The Fair Work Commission, in finding that an employer constructively dismissed a female employee when it unreasonably refused her request to work part-time after the birth of her second child, has emphasised that women have the right to “give birth to children without foreclosing their employment.” Hanina Rind –v- Australian Institute of Superannuation Trustees  FWC 3144 (31 May 2013)
Commissioner Lewin said that while “rights to parental leave may be of recent origin in the long history of employment in Australia the right in this case is no small thing.”
The Commissioner found that the “practical necessity” of the former database/IT systems administrator not having her request to work part time unreasonably refused was “essential for her continued employment to be viable“. he said, “Indeed, the importance of parental leave and in particular leave in relation to maternity has become a matter of vital public interest in various ways reflected in the Act and in the Award system.”
He said the seriousness of the employer’s conduct in refusing the employee’s request “should be viewed from the contemporary vantage point, which affords considerable importance to the ability of women to give birth to children without foreclosing their employment due to the consequences of family formation“.
The employee began work with the Australian Institute of Superannuation Trustees in August 2009, initially full-time. In February 2010, to accommodate her family responsibilities after the birth of her first child, she and the Institute agreed that she could work from home one (1) day a week. In late 2012, the employee contacted the Institute to discuss her return from six (6) weeks paid parental leave and a period of unpaid parental leave after the birth of her second child.
The Australian Institute of Superannuation Trustees Certified Agreement 2009, which covered the employee’s terms and conditions of employment, provided a right to request to work part-time until a child reached school age, with any refusal of such a request to be made on objective business grounds.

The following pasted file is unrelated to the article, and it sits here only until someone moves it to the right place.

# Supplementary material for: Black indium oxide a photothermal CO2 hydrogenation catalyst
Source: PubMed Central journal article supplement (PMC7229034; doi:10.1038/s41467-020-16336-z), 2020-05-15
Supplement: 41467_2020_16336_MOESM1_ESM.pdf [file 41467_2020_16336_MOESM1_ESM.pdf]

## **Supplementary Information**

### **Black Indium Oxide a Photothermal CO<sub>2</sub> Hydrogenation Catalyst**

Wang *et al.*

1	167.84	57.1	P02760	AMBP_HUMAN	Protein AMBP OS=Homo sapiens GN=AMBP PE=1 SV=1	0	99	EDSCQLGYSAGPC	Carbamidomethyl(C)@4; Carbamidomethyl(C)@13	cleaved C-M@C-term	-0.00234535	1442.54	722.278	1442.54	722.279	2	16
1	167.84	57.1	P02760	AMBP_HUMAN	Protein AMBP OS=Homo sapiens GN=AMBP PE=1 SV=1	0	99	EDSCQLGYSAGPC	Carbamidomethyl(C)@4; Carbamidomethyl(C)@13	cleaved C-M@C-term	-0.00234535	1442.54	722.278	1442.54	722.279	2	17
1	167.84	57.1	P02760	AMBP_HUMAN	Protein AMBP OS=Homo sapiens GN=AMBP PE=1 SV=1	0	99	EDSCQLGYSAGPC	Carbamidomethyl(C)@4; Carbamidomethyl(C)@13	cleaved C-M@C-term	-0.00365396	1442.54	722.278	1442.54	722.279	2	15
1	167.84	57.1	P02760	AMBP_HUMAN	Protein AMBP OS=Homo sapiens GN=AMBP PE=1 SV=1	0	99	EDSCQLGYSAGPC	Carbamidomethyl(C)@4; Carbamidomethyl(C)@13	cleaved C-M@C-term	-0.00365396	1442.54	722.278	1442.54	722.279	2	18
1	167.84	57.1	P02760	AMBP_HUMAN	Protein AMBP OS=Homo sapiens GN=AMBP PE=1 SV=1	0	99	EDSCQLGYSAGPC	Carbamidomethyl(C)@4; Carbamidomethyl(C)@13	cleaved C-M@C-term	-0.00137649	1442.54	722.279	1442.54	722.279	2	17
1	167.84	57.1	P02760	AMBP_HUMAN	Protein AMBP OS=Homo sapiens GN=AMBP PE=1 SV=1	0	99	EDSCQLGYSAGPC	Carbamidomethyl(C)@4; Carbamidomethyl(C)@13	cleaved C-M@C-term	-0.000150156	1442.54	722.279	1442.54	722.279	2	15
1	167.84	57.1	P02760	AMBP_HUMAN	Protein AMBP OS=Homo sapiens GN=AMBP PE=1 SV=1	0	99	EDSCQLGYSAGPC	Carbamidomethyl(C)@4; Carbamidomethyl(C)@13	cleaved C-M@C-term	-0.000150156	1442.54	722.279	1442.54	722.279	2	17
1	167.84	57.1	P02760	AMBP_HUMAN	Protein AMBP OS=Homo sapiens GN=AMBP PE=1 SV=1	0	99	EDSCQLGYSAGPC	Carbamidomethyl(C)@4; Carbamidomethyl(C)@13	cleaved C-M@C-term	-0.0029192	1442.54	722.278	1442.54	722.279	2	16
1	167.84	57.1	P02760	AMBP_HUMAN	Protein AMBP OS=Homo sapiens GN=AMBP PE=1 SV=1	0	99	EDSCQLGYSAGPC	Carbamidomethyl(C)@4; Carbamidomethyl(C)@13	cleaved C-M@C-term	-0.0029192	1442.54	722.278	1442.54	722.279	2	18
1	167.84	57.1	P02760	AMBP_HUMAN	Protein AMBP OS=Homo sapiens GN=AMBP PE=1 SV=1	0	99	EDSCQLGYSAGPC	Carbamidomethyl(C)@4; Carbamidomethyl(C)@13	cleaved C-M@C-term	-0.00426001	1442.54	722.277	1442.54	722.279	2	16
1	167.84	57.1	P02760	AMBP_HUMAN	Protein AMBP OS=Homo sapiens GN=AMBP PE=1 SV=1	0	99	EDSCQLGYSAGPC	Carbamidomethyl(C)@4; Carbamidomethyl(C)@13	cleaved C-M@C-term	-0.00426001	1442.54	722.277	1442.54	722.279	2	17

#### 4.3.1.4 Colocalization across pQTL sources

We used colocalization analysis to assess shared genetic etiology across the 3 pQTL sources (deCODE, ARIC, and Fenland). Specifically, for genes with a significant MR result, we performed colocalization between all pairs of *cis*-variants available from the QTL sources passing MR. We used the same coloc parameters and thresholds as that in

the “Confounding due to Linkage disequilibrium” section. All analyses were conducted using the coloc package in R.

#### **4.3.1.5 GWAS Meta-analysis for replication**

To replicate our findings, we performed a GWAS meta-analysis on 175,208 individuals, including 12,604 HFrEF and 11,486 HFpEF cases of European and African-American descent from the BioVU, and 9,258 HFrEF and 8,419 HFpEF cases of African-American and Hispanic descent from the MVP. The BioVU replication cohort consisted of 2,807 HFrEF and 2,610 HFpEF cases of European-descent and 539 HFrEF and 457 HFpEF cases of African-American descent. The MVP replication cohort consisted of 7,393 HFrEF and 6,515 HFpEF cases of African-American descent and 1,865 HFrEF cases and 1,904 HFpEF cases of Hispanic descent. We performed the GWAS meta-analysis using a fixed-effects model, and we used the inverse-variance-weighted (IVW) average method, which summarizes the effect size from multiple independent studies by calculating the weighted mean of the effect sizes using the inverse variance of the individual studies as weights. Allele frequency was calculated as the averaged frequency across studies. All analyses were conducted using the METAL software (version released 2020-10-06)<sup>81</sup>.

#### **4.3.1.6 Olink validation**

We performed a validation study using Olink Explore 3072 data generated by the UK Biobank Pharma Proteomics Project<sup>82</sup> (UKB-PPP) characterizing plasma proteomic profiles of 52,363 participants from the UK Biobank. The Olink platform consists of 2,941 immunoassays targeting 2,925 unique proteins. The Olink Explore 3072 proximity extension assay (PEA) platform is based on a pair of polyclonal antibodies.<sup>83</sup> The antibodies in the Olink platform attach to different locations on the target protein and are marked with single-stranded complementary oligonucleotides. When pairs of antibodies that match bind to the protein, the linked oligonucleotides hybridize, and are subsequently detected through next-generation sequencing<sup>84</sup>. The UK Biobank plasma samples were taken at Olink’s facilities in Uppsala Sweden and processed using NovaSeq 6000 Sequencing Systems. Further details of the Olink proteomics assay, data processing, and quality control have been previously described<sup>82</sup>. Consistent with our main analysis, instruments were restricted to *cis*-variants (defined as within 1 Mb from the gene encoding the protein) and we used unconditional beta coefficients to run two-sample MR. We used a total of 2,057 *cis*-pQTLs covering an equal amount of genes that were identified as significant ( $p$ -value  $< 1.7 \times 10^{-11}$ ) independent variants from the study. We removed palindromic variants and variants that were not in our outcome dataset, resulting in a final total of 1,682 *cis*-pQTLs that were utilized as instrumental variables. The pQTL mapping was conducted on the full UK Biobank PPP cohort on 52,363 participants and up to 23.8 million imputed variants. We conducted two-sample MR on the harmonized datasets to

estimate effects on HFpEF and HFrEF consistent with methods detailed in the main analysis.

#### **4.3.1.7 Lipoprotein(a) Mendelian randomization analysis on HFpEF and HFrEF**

After receiving a letter in early October 2012 requesting that she return to full-time work from 21 January 2013, the employee requested that she be able to work three (3) days per week, because of her parental responsibilities. The Institute rejected the request, saying that the role required a “dedicated full time on site resource“, with a part-time off-site arrangement trialled in her absence leading to “frustrations“.
Commissioner Lewin said the Institute made several attempts to convince the employee to return to work, but proposals offered were either “equalling attendance of five days of the week or otherwise conditional in nature“. “In my view, the conditional nature of this agreement in the factual circumstances of the case can be considered as a refusal” of her proposed request to work part time,” he said.
In terms of the legal principles relating to a constructive dismissal, the Commissioner said that an employee is “entitled to leave their employment in circumstances where conduct of their employer is sufficiently inimical to the continuation of the contract of employment and the employment relationship“.
Commissioner Lewin said “inimical conduct” included behaviour “which is adverse, unfriendly or hostile to the contract of employment and the employment relationship“. He said the Institute’s argument that it had not constructively dismissed the employee had further been undermined by the fact that it had made no attempt since January 2013 to employ another full-time administrator, continuing instead with the part-time off-site provider used during the former employee’s parental leave.
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